Out of the service, he began to look for a job. He interviewed with a few firms, including Johnson, Thompson, Raymond & Mayer, which later became Jenner & Block. A law school professor at Loyola knew Mr. Jenner and recommended Mr. Sullivan. He started in the fall of 1954, the firm’s 30th lawyer, earning $300 a month.

Mr. Sullivan counted as his closest friend Prentice Marshall, a colleague at Jenner & Block who later became a federal judge. It was through Mr. Marshall that Mr. Sullivan became involved with the Chicago Bar Association’s Defense of Prisoners Committee. The committee was designed to supplement the public defender in felony cases out of the criminal court at 26th Street. 

As Mr. Sullivan said, working on behalf of an indigent defendant was a great training ground for trying cases. 

Later, while serving on the governor’s commission, Tom became interested in police procedures regarding the accuracy of custodial confessions. He trained paralegals and young associates at Jenner & Block to make cold calls to police departments all over the country and inquire about their methods, and made hundreds of such calls himself. As he gathered information, he approached chiefs of police in towns, cities, and state legislatures, convincing them to acknowledge the benefits of recording custodial interrogations. He gave speeches in various forums, including the International Chiefs of Police Convention, and he testified in many state legislatures. Today 25 states record custodial confessions.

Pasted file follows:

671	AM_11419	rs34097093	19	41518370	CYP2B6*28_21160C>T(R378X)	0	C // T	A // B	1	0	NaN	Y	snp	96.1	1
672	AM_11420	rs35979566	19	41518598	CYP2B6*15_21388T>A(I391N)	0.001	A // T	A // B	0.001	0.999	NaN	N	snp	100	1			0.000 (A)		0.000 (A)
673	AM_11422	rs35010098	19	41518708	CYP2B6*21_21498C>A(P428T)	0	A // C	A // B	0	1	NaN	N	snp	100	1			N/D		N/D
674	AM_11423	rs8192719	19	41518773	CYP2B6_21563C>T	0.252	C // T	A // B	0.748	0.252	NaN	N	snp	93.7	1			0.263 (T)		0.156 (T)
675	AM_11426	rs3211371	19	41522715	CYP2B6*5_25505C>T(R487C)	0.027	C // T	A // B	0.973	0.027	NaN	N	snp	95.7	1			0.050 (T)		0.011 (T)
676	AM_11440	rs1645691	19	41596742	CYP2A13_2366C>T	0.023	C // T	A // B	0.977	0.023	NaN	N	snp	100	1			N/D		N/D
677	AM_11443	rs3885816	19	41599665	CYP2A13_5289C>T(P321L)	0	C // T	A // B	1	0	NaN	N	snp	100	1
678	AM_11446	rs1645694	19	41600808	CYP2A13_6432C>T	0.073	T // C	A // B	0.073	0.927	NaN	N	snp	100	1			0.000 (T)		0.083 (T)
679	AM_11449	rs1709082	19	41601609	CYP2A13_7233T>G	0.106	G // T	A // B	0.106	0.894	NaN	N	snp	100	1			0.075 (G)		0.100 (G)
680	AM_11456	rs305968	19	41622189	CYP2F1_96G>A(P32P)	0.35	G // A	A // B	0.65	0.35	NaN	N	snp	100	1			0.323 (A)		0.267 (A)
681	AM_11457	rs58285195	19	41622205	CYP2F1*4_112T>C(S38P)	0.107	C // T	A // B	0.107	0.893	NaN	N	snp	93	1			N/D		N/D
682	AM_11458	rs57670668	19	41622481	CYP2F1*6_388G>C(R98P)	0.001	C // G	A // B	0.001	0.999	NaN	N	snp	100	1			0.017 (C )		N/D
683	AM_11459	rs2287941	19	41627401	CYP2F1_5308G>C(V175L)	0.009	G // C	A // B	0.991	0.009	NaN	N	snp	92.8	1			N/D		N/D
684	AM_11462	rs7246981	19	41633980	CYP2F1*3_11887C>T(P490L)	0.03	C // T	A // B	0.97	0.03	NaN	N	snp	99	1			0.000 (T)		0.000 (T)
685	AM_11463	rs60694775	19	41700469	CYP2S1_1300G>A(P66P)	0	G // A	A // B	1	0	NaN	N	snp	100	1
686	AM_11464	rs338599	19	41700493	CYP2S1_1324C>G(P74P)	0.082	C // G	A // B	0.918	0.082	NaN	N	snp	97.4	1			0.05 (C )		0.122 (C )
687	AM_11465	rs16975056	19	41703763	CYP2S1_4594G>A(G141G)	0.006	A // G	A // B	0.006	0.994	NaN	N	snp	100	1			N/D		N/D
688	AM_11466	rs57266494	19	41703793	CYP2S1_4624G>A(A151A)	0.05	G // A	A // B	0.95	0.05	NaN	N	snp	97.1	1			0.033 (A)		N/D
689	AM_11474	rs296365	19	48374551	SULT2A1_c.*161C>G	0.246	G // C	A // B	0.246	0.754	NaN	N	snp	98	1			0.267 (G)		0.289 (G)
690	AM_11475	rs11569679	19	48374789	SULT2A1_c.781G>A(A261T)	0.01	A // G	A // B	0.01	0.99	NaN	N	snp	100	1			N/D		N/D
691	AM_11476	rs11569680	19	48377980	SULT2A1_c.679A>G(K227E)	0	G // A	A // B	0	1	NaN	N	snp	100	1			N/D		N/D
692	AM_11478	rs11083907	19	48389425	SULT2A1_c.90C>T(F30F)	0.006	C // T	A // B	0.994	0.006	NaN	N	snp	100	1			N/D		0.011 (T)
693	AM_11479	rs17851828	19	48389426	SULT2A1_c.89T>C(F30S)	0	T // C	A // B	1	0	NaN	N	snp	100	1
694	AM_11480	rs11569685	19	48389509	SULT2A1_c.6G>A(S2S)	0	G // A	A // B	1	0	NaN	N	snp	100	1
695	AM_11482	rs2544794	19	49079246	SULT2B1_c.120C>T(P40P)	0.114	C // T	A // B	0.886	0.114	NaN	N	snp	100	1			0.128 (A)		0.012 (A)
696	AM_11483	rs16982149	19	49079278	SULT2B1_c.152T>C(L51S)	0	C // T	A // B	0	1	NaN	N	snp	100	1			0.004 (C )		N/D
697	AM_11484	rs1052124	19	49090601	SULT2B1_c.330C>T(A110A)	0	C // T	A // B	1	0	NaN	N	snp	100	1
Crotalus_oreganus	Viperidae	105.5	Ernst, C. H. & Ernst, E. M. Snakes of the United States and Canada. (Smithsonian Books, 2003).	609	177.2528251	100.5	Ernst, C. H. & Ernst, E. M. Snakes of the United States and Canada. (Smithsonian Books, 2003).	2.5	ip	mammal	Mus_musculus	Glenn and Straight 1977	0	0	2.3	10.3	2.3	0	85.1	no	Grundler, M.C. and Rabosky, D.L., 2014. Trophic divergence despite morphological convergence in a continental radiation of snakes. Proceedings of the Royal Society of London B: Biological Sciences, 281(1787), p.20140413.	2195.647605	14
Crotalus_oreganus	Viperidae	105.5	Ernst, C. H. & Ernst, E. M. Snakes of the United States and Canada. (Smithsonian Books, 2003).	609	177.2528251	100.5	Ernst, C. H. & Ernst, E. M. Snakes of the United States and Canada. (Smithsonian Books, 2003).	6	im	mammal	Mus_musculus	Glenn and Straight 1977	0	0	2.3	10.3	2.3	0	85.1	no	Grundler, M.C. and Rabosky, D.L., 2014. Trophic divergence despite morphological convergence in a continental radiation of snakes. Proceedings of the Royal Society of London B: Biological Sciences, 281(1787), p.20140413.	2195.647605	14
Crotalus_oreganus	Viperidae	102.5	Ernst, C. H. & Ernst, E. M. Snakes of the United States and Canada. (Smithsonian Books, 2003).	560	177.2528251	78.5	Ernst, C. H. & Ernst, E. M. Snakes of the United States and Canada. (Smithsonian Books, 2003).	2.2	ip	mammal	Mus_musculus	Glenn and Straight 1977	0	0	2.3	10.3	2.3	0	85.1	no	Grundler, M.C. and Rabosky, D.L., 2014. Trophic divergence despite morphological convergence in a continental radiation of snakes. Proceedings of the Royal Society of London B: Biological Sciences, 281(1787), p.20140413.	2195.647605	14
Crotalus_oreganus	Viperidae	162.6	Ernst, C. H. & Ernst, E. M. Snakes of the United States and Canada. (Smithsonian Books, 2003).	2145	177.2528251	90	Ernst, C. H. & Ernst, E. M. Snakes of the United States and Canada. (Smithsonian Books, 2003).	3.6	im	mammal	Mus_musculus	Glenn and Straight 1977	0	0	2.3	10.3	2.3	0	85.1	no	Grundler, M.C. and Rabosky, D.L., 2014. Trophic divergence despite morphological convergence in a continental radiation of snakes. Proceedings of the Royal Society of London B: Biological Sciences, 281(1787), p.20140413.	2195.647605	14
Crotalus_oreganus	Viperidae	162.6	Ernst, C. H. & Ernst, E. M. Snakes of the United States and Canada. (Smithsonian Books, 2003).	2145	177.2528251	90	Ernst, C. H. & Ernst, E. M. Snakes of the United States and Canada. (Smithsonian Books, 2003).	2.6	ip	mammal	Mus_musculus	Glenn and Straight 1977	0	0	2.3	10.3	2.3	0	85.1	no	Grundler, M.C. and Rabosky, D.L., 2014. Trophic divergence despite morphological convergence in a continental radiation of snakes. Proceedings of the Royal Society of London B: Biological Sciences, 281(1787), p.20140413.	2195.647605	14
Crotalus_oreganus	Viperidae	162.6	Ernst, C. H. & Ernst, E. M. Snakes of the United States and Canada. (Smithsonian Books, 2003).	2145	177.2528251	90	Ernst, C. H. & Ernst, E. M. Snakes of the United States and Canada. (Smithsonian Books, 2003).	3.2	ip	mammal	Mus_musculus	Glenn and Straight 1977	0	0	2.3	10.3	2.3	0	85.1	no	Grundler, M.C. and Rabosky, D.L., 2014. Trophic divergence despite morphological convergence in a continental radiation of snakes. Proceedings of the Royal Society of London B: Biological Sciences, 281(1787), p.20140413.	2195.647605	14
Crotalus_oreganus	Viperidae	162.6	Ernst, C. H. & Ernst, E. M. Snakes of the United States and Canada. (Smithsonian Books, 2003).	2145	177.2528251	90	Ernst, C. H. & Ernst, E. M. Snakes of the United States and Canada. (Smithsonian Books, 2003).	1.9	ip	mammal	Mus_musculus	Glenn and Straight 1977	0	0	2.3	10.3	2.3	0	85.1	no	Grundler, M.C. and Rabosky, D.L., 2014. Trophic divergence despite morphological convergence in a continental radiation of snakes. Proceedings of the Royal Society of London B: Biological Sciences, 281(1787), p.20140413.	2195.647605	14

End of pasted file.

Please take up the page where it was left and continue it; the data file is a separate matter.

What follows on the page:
Mr. Sullivan was a devoted husband, father, and grandfather. He is survived by a loving family: his wife, Anne Landau, children Tim, Maggie, Liza, and Mimi, and grandchildren.

“Tom was a great man and a great lawyer. He lived, breathed, and exemplified our values and led the way in making Jenner & Block what we are today – zealously devoted to our clients and an extraordinary contributor to our nation through the pro bono program that he helped create,” said Jenner & Block Co-Managing Partner Randy Mehrberg